Archives - February 2020

Eyes on Jesus: Misjudging Eyes

February 26, 2020
By Rev. Peter Heckert


Grace to you, and peace, from God our heavenly Father, and from our Lord and Savior, Jesus Christ. + Amen.

The text for our meditation comes from our Gospel text, where Mark records Jesus’s words, “Leave her alone. Why do you trouble her? She has done a beautiful thing to me. For you always have the poor with you, and whenever you want, you can do good for them. But you will not always have me. She has done what she could; she has anointed my body beforehand for burial. And truly, I say to you, wherever the gospel is proclaimed in the whole world, what she has done will be told in memory of her.” Here ends our text; dear Christian friends…

My apologies if, when I was distributing the ashes, some of it landed on your nose or, even worse, by your eyes. Can you imagine getting these ashes in your eyes? If it happened, you wouldn’t be able to see clearly – I think there’s a sermon illustration in that. Truth is, our inborn sinfulness is like ashes to our spiritual vision: we look at what is good and distort its purpose, or we look upon what is beautiful and misjudge its value.

It’s what we do as sinners, and we see it readily throughout Scripture. In Matthew 6, Jesus says, “When you give to the needy ….” He is assuming that Christians will do this, and since He would never want us to do something evil, then giving to the needy must be a good thing to do. But sinners misjudge the purpose of such good deeds. Further, He criticizes the hypocrites in the synagogues and in the streets for conspicuously giving to the needy in order to be praised by others. Likewise, they prayed long-winded prayers and made a show of fasting in order to be seen by others. In being praised by others, they receive their desired reward: to be held in high esteem by others. This is an entirely self-serving and godless approach to good works, because it pays no thought to our Father in heaven.

Our old Adam misjudges. Sin’s deep delusion is that good works must be done in order to merit eternal life. That is the worst misjudgment we can make. Which is why Ash Wednesday is a much-needed reality-check, convicting us through Scripture and hymnody and liturgy of our utter wretchedness and desperate need for God’s forgiveness. What we need most isn’t to give to the needy or do any other good work. We need the Lamb of God to take away our sins. That’s what Ash Wednesday is about, and tonight’s reading from Mark’s gospel account takes us to Him when he begins, “It was now two days before the Passover. . . . And the chief priests and the scribes were seeking how to arrest Him by stealth and kill Him.”

The Passover and Passion were just a few days away. Jesus knew this and had repeatedly told His disciples that His death was drawing near. But unlike Jesus, the guests at Simon’s dinner party didn’t have their mind on the cross when an uninvited woman barged in, broke open a jar of perfume, and dumped it on Jesus’s head. Alabaster flasks weren’t cheap and could be reused, but she clumsily smashes it open and renders it useless for the future. And I don’t picture her slowly and gently pouring it on Jesus’s head but drenching him, leaving Him blinking to squeeze out the drops falling into His eyes.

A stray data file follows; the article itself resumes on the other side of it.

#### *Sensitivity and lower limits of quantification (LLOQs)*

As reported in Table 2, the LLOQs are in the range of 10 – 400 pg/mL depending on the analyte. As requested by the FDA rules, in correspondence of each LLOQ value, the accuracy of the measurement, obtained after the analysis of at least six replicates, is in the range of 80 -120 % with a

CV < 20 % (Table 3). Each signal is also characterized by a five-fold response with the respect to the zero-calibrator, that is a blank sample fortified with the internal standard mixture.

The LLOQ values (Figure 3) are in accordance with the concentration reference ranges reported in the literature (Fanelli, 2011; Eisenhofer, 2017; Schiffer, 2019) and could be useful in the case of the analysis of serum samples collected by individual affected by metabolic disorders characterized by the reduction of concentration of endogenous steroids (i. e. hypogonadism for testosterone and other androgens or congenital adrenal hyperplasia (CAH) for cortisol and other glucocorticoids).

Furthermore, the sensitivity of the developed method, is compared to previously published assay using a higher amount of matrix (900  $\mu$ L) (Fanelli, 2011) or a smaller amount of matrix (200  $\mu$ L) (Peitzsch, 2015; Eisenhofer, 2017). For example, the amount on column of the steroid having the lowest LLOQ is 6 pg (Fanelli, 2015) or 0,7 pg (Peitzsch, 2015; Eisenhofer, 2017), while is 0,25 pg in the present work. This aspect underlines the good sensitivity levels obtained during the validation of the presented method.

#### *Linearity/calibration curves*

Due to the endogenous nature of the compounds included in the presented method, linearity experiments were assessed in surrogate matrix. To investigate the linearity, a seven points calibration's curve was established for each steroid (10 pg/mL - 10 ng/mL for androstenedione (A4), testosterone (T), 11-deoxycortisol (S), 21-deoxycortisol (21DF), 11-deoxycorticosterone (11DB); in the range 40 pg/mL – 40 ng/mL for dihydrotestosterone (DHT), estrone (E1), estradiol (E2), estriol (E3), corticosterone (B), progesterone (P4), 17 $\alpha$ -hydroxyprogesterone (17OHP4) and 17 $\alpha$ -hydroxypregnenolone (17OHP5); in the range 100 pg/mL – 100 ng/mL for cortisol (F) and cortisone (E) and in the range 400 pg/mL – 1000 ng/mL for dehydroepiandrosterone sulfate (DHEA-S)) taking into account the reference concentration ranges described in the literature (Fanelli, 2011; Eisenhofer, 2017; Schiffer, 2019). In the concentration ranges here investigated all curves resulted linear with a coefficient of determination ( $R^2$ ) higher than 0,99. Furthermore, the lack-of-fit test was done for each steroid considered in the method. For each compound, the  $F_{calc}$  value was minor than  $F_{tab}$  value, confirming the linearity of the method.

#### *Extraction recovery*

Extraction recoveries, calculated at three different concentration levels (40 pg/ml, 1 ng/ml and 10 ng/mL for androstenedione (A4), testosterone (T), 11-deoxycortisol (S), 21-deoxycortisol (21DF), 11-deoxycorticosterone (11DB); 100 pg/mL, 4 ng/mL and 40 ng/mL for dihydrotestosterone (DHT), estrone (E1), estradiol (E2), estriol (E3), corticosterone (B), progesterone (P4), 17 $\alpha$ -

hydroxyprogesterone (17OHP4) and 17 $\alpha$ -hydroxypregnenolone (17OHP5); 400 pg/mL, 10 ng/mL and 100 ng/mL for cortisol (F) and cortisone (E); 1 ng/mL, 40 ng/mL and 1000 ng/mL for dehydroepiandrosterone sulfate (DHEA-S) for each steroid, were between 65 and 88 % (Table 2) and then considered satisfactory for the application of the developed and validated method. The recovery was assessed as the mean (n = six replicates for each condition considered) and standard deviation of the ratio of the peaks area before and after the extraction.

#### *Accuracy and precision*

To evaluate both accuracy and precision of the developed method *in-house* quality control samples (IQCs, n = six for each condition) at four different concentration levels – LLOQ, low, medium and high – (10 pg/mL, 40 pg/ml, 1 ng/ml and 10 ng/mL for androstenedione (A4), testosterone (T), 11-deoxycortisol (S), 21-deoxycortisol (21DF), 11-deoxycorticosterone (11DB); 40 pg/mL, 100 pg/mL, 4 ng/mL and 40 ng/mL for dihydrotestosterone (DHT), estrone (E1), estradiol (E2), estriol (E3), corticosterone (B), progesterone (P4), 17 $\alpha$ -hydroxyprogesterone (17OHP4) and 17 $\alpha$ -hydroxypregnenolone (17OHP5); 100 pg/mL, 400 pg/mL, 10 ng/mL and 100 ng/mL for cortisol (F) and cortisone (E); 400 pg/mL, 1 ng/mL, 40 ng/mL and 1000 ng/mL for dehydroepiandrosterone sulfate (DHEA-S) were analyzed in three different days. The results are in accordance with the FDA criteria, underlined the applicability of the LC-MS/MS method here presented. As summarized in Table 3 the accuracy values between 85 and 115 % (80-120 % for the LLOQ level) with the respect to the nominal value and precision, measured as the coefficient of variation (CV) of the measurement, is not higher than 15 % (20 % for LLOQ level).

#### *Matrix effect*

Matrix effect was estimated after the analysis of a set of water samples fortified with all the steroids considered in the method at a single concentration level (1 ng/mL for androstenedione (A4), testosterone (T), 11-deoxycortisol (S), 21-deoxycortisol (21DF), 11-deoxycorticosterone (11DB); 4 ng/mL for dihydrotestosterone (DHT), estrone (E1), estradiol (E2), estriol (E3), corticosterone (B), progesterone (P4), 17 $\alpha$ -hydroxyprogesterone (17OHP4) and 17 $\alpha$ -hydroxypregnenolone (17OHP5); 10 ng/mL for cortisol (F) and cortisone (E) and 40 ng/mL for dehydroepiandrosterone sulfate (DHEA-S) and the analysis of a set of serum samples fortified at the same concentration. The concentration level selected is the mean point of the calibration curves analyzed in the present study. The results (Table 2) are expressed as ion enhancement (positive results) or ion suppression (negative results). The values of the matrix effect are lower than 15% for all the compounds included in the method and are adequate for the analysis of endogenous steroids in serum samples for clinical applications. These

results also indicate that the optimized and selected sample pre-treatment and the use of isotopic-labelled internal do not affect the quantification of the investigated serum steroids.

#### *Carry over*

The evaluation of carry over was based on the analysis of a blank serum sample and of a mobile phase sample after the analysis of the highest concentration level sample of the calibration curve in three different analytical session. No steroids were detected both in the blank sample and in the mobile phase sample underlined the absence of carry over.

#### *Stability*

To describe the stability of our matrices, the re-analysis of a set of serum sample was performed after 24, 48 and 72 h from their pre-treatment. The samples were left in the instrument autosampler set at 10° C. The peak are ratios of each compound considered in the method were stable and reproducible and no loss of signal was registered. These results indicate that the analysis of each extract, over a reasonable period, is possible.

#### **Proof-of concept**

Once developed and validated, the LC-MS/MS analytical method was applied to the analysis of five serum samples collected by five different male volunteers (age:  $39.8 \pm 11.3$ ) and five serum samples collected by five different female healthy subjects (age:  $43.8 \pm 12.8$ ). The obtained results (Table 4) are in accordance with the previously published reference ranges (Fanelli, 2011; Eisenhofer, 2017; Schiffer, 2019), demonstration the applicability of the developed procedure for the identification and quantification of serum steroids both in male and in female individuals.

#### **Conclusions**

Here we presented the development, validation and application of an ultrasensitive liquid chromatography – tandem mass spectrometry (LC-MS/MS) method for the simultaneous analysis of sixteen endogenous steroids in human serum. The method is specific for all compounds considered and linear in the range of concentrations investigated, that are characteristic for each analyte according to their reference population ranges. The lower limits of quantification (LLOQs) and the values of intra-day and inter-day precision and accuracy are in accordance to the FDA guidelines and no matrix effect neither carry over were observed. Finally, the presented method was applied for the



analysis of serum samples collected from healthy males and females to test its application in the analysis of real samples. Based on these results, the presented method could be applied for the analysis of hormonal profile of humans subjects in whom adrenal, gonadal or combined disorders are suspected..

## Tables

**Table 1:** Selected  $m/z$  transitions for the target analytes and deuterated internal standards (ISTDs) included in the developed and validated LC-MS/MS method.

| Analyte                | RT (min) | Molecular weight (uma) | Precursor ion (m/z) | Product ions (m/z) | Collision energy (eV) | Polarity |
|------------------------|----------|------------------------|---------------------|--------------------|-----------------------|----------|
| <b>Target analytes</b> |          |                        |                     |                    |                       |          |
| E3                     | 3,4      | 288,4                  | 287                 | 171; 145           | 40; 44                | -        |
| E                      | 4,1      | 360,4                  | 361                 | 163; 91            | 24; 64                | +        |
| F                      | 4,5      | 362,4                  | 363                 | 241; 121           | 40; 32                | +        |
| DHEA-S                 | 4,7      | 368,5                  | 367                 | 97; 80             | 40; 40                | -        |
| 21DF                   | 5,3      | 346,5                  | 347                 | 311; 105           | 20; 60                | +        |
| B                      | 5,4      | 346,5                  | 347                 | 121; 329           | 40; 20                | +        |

Then there’s the value of the ointment. If it really could have been sold for more than three hundred denarii, it would have been roughly a year’s wages for a day laborer. At the modest wage of $12.50 an hour that you can get at most fast food restaurants, three hundred days’ wages convert to $30,000. That’s what the guests at Simon’s dinner were saying among themselves, outraged at the woman’s wastefulness, indignant that so many would go hungry because of her impulsiveness. “What’s wrong with you, woman? Are you out of your mind? You should have sold that perfume and given the money to the poor!” But they had misjudging eyes.

Jesus, however, always sees clearly. He comes to the woman’s defense and tells her critics to back off. Jesus recognizes her clumsy, unceremonious, impulsive action as a beautiful work, as preparation for the most beautiful, noble, good deed in human history: His suffering, death, and burial. It is good to give to the needy, to do good to the poor. But when the incarnate Son of God is sitting at your dinner table preparing to suffer and die for the sin of the world in a couple of days and then be hastily entombed without proper anointing at His burial, then three hundred denarii worth of ointment is no waste but is rightly devoted to His service.

What the dinner guests could not see was the sheer uniqueness, the tremendous weight of the moment they were witnessing. For God’s Anointed, the Messiah, was soon to give His life as a ransom for the masses, to be the once-for-all Passover Lamb of God, who takes away the sin of the world. This moment was anything but business as usual, even in moral terms.

And, in Holy Baptism, you have been washed in the blood of that Lamb, anointed with the Holy Spirit to sanctify you and make you pleasing to the Father. The beautiful robe of Christ’s righteousness has become yours, so that you need no longer fear eternal damnation in hell. The power of sin, death, and Satan has been shattered like that broken alabaster flask, and you have been liberated from the realm of darkness to live forever in the Kingdom of Life! For the rest of your earthly lives, you’re free to love God with all your heart and to love your neighbor as yourself!